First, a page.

Animal preparation for spectroscopic and hemodynamic measurements was described in detail previously (Ye et al., supra). All MRI studies were performed on a Siemens Medical VISION® System operating at 1.5 Tesla within 3 days of the final MRS and physiological study. The animals were sedated with ketamine (20 mg/kg i.m.), anesthetized with sodium pentobarbital (30 mg/kg, i.v.), intubated and ventilated with a respirator. Animals were placed on their left side in an 18 cm diameter Helmholtz coil. Imaging sequences were gated to the ECG while respiratory gating was achieved by triggering the ventilator to the cardiac cycle between data acquisitions. A detailed account of the imaging and analysis methodologies, including determination of left ventricular chamber volumes and ejection fractions, has been reported previously (Murakami et al., 1999, Circulation, 99:942-8; and Zhang et al., 1996, Circulation, 94:1089-1100). LV systolic wall thickening fraction (ST %) was measured at anterior wall using the equation: ST %=100%×(ls-ld)/ld; where: ls=LV thicknesssystole(mm), ld=LV thicknessdiastole(mm).
Myocardial Blood Flow
Myocardial blood flow was measured using 15-μm diameter microspheres labeled with gamma-emitting radionuclides (141Ce, 51Cr, 95Nb, 85Sr or 46Sc) as described previously (Domenech et al., 1969, Circ. Res., 25:581-596; Ye et al., supra; Zhang et al., 1996, Circulation, 94:1089-1100).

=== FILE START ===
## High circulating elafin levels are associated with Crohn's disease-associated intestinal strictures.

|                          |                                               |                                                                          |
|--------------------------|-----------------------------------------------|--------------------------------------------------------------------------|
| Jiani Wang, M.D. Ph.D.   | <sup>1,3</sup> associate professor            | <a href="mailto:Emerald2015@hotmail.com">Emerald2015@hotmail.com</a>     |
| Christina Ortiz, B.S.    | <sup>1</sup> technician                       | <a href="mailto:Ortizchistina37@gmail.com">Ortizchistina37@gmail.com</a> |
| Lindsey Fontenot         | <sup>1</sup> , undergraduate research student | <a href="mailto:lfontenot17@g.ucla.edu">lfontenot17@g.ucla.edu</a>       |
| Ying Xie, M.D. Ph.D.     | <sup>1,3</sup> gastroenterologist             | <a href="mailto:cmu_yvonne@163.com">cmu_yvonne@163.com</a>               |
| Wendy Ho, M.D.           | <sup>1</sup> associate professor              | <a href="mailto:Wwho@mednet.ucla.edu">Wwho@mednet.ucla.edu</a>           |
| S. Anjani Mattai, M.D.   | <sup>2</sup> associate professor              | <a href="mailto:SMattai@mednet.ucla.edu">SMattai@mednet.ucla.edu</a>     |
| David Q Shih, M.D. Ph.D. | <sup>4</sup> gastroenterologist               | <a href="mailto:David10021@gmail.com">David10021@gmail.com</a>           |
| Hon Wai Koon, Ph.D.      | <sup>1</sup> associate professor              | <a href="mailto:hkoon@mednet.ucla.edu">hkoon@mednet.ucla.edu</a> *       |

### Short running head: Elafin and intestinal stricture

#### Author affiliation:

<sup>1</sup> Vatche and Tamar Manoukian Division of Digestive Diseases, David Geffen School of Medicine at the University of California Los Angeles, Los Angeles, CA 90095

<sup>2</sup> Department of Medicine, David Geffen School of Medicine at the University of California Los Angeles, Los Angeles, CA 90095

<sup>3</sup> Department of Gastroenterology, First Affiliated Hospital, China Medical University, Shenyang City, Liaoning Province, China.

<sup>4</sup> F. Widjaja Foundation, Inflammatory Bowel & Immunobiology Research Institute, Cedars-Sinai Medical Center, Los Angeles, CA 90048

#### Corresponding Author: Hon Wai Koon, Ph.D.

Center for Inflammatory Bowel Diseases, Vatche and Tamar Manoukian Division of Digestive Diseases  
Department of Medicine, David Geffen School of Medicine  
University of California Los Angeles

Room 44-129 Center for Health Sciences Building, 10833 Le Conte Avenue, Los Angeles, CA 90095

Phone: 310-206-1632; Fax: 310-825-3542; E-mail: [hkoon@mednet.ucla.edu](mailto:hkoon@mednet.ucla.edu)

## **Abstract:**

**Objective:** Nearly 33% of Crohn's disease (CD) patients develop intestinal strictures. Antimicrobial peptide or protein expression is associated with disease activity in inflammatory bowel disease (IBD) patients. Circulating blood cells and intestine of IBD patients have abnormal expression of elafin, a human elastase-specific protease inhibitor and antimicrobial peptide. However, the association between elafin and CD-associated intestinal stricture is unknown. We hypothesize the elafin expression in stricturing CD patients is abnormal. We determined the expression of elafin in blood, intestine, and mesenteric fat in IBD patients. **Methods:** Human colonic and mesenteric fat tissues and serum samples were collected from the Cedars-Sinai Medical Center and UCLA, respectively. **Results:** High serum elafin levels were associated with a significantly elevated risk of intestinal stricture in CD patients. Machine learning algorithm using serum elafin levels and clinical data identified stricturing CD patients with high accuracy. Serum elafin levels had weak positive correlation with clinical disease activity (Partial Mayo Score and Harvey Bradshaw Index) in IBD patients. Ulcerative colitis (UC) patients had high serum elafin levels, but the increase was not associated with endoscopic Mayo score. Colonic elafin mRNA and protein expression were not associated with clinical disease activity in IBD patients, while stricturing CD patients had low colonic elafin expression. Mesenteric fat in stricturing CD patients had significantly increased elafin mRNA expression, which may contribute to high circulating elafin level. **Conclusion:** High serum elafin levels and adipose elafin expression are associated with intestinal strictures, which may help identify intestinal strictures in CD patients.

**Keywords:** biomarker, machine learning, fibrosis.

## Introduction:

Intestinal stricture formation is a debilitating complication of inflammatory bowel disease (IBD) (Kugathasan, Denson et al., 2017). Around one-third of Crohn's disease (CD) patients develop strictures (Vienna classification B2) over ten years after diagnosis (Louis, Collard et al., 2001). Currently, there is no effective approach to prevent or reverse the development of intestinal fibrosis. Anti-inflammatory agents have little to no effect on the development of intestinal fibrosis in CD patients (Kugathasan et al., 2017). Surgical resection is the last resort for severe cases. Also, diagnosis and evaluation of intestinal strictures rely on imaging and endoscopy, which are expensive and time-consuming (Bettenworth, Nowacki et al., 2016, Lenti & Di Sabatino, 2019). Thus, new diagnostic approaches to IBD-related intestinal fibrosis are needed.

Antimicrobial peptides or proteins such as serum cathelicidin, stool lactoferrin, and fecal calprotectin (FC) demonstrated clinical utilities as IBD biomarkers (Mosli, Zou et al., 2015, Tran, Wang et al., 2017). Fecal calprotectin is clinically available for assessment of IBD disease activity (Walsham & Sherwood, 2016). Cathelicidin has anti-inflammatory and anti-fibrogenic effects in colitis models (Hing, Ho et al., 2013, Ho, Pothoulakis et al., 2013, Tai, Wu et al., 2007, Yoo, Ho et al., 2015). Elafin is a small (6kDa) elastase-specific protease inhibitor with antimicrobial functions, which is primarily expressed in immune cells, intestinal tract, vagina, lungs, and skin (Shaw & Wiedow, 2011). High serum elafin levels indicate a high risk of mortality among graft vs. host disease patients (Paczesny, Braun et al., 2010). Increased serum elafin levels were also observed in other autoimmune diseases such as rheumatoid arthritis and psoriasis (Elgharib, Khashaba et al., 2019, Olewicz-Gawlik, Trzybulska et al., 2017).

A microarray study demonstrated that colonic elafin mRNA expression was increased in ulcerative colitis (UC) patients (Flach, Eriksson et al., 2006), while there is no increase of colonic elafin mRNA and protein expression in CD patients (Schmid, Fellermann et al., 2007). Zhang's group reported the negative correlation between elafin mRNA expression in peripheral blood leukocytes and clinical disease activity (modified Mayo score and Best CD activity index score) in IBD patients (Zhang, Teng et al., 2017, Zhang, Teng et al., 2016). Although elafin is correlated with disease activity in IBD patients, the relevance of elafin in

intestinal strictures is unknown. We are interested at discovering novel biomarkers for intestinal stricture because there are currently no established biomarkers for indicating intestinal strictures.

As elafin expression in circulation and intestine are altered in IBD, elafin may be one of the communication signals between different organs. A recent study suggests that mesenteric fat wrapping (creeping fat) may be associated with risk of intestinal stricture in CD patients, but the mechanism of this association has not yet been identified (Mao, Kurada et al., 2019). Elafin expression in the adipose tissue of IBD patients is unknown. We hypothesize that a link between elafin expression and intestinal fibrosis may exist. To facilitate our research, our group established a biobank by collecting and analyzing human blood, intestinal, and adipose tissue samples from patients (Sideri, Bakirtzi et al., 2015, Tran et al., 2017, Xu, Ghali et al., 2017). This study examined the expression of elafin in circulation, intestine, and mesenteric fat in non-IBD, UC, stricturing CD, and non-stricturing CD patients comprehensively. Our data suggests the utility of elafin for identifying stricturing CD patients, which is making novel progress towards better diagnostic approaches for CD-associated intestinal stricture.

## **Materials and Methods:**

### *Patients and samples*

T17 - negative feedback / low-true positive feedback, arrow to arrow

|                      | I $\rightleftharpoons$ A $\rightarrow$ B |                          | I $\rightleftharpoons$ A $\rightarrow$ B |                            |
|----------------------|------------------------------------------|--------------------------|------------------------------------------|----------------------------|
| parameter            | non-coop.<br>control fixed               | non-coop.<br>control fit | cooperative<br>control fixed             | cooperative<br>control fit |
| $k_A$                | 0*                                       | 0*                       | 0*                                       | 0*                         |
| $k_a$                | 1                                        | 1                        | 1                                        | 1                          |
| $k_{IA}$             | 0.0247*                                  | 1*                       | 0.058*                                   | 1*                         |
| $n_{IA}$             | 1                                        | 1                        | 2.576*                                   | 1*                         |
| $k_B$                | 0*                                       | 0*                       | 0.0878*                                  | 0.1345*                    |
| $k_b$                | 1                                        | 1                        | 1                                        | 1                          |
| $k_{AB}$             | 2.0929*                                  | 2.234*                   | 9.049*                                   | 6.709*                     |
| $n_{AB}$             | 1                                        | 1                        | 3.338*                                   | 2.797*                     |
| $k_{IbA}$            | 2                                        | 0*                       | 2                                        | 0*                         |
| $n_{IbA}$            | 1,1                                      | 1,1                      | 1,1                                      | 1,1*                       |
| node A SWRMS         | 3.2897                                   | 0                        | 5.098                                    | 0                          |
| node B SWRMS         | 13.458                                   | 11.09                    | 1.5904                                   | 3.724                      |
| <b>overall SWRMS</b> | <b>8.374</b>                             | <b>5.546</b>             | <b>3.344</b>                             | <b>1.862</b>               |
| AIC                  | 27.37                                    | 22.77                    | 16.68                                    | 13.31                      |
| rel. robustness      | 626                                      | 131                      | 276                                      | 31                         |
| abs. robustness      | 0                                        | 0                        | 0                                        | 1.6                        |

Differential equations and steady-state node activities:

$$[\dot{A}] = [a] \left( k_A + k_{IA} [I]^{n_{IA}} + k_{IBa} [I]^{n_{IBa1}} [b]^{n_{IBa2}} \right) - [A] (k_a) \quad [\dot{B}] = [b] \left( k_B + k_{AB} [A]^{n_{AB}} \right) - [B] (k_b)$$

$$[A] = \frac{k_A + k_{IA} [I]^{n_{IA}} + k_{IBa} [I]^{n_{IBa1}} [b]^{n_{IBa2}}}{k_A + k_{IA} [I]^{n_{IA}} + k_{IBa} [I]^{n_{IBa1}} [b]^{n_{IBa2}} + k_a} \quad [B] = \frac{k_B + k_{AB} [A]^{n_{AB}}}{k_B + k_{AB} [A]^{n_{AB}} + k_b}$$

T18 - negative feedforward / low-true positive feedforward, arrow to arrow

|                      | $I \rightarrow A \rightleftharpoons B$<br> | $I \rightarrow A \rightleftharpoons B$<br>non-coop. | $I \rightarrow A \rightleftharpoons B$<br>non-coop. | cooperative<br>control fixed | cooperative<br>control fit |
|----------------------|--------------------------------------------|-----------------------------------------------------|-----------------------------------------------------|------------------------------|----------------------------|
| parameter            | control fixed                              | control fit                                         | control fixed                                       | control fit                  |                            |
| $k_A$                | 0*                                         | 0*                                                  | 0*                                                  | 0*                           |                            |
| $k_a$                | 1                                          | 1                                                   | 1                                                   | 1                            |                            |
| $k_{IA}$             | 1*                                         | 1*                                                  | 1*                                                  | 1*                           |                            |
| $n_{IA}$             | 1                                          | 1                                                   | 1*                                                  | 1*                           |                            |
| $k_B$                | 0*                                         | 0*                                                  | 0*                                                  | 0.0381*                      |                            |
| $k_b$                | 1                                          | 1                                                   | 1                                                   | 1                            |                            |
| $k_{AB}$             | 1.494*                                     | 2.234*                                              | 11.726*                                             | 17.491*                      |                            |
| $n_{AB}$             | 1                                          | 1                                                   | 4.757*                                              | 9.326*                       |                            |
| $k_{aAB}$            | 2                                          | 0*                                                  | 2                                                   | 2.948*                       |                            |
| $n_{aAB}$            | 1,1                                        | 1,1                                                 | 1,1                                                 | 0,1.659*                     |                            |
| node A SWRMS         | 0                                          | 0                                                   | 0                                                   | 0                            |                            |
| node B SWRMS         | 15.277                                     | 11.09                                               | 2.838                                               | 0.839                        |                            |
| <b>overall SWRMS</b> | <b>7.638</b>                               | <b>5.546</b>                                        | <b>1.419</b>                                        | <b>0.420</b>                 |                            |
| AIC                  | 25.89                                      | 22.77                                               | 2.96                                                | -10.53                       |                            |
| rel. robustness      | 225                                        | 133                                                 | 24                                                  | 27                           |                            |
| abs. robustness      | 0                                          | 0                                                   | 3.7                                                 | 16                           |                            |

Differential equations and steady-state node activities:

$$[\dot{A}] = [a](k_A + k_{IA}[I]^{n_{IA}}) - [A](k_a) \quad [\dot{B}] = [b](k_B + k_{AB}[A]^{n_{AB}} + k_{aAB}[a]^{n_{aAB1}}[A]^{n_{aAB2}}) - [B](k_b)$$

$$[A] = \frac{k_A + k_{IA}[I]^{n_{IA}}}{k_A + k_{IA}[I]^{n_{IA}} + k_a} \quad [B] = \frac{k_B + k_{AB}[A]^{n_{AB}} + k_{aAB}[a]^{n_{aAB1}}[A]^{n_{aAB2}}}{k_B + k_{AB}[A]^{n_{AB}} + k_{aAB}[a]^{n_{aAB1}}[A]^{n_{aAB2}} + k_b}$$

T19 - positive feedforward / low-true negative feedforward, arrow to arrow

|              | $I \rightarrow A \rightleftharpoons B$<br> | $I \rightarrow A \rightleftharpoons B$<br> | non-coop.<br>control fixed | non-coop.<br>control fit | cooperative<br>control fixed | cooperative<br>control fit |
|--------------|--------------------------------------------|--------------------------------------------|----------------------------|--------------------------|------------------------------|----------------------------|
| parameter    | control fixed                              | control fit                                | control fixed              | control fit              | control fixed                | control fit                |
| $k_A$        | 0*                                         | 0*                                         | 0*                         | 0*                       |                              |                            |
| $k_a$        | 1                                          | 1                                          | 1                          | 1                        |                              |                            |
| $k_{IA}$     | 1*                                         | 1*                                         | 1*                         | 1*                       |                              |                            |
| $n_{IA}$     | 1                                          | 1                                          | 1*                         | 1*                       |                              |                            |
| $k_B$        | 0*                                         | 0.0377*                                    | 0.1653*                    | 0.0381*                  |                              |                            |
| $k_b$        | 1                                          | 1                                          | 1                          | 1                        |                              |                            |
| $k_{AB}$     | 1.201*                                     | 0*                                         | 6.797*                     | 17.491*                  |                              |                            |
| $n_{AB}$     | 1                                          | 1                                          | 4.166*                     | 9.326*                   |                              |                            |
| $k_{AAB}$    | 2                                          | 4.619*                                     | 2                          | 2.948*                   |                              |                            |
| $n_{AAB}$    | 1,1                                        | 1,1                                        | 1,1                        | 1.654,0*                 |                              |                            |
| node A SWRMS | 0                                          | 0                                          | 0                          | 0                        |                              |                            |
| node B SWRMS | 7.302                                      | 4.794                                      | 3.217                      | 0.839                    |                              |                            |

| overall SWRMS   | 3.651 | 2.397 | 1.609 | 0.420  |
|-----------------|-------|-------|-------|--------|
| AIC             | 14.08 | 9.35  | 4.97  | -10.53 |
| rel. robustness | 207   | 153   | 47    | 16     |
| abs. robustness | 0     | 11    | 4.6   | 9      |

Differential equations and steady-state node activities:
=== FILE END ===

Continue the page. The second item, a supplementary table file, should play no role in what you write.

Experimental Preparation for MRS Study
Animals were anesthetized with sodium pentobarbital (30 mg/kg iv.), intubated and ventilated with a respirator with supplemental oxygen. Arterial blood gases were maintained within the physiologic range by adjustments of the respirator settings and oxygen flow. A heparin-filled polyvinyl chloride catheter (3.0 mm OD) was introduced into the right femoral artery and advanced into the ascending aorta. A sternotomy was performed and the heart suspended in a pericardial cradle. A second heparin-filled catheter was introduced into the left ventricle through the apical dimple and secured with a purse string suture. A similar catheter was placed into the left atrium through the atrial appendage. A 25 mm diameter NMR surface coil was sutured onto the left ventricular anterior wall. The pericardial cradle was then released and the heart was returned to its normal position. The surface coil leads were connected to a balanced-tuned circuit external and perpendicular to the thoracotomy incision. The animals were then placed in a Lucite cradle and positioned within the magnet.
Spatially Localized 31P NMR Spectroscopic Technique